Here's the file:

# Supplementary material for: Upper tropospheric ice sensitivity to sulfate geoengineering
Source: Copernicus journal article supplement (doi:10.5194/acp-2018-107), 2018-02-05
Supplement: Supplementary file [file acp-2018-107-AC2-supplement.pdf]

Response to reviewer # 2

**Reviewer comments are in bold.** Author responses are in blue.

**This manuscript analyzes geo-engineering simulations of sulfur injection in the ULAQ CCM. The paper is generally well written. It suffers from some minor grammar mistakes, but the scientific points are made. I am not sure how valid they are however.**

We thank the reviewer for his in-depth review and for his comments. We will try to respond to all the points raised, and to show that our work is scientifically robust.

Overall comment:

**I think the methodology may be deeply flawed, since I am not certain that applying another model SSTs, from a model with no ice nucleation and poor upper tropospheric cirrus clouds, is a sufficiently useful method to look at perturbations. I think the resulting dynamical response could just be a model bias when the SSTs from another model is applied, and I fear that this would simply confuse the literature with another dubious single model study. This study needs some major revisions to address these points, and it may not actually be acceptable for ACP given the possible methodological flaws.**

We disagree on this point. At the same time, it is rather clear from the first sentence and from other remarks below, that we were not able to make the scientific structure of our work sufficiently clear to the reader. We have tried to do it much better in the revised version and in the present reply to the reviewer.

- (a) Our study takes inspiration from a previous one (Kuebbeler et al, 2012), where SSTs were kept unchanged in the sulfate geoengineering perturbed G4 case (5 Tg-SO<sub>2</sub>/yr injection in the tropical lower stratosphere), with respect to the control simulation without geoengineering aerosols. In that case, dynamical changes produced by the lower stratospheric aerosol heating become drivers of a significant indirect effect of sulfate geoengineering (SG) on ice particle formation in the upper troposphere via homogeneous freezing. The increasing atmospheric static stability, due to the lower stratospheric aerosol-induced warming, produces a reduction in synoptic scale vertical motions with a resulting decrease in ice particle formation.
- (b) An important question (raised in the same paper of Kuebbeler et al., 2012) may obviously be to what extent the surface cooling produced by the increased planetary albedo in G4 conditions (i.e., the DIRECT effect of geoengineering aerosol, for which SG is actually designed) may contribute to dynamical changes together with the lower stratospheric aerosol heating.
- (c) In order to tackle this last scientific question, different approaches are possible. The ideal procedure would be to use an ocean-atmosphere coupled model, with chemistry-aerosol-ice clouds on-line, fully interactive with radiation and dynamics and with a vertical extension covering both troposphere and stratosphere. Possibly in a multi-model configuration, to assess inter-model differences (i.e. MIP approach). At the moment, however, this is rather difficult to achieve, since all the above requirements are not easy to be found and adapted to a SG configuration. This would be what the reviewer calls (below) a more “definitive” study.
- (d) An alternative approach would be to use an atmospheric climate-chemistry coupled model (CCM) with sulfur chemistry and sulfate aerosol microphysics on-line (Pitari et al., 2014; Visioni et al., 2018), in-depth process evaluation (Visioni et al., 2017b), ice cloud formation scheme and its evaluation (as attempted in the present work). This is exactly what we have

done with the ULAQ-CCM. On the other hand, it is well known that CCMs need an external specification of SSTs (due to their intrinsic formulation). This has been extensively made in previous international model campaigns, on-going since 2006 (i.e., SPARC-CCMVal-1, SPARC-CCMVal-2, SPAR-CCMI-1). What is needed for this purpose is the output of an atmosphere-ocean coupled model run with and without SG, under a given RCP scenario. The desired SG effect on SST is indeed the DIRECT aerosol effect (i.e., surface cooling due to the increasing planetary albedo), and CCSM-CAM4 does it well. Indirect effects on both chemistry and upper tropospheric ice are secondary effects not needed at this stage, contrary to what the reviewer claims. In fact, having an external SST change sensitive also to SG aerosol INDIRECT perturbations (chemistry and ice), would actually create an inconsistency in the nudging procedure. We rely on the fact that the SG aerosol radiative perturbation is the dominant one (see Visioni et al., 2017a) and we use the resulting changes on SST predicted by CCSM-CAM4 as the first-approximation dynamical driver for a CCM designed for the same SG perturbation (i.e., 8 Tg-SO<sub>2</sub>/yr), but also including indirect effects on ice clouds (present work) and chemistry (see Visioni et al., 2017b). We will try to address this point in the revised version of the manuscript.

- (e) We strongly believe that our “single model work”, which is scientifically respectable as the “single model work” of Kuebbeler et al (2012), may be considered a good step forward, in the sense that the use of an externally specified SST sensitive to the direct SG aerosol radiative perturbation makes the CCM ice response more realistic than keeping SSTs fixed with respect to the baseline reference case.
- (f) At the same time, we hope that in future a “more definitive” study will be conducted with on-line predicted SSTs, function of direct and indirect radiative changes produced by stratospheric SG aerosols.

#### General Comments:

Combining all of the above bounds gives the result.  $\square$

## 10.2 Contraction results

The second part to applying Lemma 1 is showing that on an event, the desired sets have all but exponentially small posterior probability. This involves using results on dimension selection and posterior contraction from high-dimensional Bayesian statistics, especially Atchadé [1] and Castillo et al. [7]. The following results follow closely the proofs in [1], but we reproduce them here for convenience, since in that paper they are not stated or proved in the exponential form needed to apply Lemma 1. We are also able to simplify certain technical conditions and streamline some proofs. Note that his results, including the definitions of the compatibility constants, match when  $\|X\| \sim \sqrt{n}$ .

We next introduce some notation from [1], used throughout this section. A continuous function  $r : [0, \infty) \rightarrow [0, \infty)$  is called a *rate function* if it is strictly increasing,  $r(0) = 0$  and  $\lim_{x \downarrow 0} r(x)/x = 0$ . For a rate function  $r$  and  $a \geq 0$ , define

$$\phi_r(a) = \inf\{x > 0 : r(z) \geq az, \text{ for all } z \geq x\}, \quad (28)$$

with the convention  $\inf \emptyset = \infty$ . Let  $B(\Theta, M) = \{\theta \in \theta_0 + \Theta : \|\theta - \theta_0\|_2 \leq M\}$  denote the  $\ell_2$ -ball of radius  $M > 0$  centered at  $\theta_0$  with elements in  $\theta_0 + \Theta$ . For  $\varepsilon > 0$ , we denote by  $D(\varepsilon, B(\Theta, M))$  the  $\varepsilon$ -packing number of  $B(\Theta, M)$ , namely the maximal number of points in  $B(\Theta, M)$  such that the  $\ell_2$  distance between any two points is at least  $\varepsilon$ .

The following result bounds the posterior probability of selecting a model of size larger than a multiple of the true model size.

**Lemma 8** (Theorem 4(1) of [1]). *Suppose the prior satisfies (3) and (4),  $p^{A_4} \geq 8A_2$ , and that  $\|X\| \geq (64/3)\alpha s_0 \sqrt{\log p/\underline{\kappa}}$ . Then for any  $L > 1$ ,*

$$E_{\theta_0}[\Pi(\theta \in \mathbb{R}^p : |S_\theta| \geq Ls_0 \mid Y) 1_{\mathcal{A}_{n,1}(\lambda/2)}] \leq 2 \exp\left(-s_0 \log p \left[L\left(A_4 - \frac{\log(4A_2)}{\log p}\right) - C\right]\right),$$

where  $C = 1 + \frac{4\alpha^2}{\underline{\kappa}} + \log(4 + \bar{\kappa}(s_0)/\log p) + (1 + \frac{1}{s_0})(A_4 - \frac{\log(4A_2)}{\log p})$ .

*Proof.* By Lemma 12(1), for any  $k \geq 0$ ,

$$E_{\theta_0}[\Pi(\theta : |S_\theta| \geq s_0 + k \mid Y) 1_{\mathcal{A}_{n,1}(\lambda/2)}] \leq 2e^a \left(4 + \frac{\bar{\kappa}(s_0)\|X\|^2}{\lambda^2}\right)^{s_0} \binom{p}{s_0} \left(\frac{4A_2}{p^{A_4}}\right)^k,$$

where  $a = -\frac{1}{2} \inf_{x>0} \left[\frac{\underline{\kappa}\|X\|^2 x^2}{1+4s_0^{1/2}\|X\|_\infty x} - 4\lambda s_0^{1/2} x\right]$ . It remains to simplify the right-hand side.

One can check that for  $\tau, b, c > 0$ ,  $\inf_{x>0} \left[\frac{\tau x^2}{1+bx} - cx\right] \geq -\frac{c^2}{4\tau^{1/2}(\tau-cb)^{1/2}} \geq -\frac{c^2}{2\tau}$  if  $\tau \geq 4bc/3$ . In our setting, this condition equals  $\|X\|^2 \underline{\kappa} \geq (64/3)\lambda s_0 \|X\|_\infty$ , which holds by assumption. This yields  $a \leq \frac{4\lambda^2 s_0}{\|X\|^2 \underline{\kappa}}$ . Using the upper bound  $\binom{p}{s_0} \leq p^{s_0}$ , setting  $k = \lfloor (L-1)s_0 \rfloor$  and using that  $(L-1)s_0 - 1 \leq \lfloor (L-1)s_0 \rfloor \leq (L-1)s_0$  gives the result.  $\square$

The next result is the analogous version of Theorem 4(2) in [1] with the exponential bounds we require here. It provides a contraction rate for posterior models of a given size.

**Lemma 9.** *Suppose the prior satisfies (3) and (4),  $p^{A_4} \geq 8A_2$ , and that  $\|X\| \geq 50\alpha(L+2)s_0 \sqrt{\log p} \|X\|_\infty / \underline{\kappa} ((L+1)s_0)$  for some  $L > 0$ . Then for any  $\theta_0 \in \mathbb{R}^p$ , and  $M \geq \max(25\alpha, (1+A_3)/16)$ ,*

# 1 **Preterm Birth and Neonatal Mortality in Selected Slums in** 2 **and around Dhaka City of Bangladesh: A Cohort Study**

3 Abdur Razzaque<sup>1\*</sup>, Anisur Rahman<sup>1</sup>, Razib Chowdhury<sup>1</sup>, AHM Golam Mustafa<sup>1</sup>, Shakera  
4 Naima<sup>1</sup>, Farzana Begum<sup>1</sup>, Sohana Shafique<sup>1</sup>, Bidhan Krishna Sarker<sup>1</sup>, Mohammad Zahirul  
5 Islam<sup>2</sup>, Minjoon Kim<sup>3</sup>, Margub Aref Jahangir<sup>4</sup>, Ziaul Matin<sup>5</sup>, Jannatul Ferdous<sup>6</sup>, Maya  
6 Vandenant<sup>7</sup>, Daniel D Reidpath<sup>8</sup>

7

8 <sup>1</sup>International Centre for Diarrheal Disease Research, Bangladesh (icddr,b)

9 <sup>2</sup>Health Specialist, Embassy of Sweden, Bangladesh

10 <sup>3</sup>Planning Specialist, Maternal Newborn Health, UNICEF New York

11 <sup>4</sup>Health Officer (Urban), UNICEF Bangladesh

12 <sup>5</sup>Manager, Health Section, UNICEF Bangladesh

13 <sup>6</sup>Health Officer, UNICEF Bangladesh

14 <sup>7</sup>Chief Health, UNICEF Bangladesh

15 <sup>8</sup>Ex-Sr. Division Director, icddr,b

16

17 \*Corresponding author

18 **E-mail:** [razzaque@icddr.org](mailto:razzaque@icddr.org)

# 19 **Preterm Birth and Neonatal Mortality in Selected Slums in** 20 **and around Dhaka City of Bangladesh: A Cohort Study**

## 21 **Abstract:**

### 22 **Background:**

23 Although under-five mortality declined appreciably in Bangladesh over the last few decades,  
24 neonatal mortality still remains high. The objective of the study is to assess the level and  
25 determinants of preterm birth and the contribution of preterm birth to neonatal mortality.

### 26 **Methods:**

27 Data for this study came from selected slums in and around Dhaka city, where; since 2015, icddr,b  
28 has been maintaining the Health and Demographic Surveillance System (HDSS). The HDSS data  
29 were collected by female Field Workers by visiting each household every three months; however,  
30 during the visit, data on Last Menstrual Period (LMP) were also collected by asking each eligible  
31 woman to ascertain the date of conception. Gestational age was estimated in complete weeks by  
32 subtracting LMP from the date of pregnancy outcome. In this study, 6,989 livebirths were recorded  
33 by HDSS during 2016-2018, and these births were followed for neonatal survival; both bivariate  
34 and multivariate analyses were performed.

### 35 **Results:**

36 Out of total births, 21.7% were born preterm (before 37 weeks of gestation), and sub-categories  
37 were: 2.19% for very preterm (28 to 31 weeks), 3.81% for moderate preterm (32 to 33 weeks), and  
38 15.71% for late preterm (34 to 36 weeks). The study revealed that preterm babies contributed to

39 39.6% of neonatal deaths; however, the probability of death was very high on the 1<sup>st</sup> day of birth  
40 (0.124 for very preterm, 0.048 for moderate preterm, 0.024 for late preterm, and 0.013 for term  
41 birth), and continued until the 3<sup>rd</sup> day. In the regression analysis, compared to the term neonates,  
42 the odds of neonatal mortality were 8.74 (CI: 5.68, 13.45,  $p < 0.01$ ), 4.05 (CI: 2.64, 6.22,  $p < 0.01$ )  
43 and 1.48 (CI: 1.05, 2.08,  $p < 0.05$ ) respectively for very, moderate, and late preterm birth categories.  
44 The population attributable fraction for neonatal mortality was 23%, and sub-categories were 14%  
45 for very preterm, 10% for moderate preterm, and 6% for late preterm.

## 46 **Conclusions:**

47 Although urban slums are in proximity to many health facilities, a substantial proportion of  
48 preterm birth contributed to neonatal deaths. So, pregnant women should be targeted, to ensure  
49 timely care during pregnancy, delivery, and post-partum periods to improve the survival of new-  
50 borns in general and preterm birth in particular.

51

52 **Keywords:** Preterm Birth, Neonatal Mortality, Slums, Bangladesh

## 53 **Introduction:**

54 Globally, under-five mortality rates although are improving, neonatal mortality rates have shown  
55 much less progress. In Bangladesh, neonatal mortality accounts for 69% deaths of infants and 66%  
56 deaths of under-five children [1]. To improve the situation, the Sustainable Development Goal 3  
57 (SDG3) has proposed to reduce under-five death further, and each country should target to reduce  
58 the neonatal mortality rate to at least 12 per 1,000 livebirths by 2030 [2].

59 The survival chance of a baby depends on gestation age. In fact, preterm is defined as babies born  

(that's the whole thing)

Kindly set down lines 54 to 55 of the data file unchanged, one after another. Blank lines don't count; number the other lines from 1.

### 22 **Background:**

23 Although under-five mortality declined appreciably in Bangladesh over the last few decades,  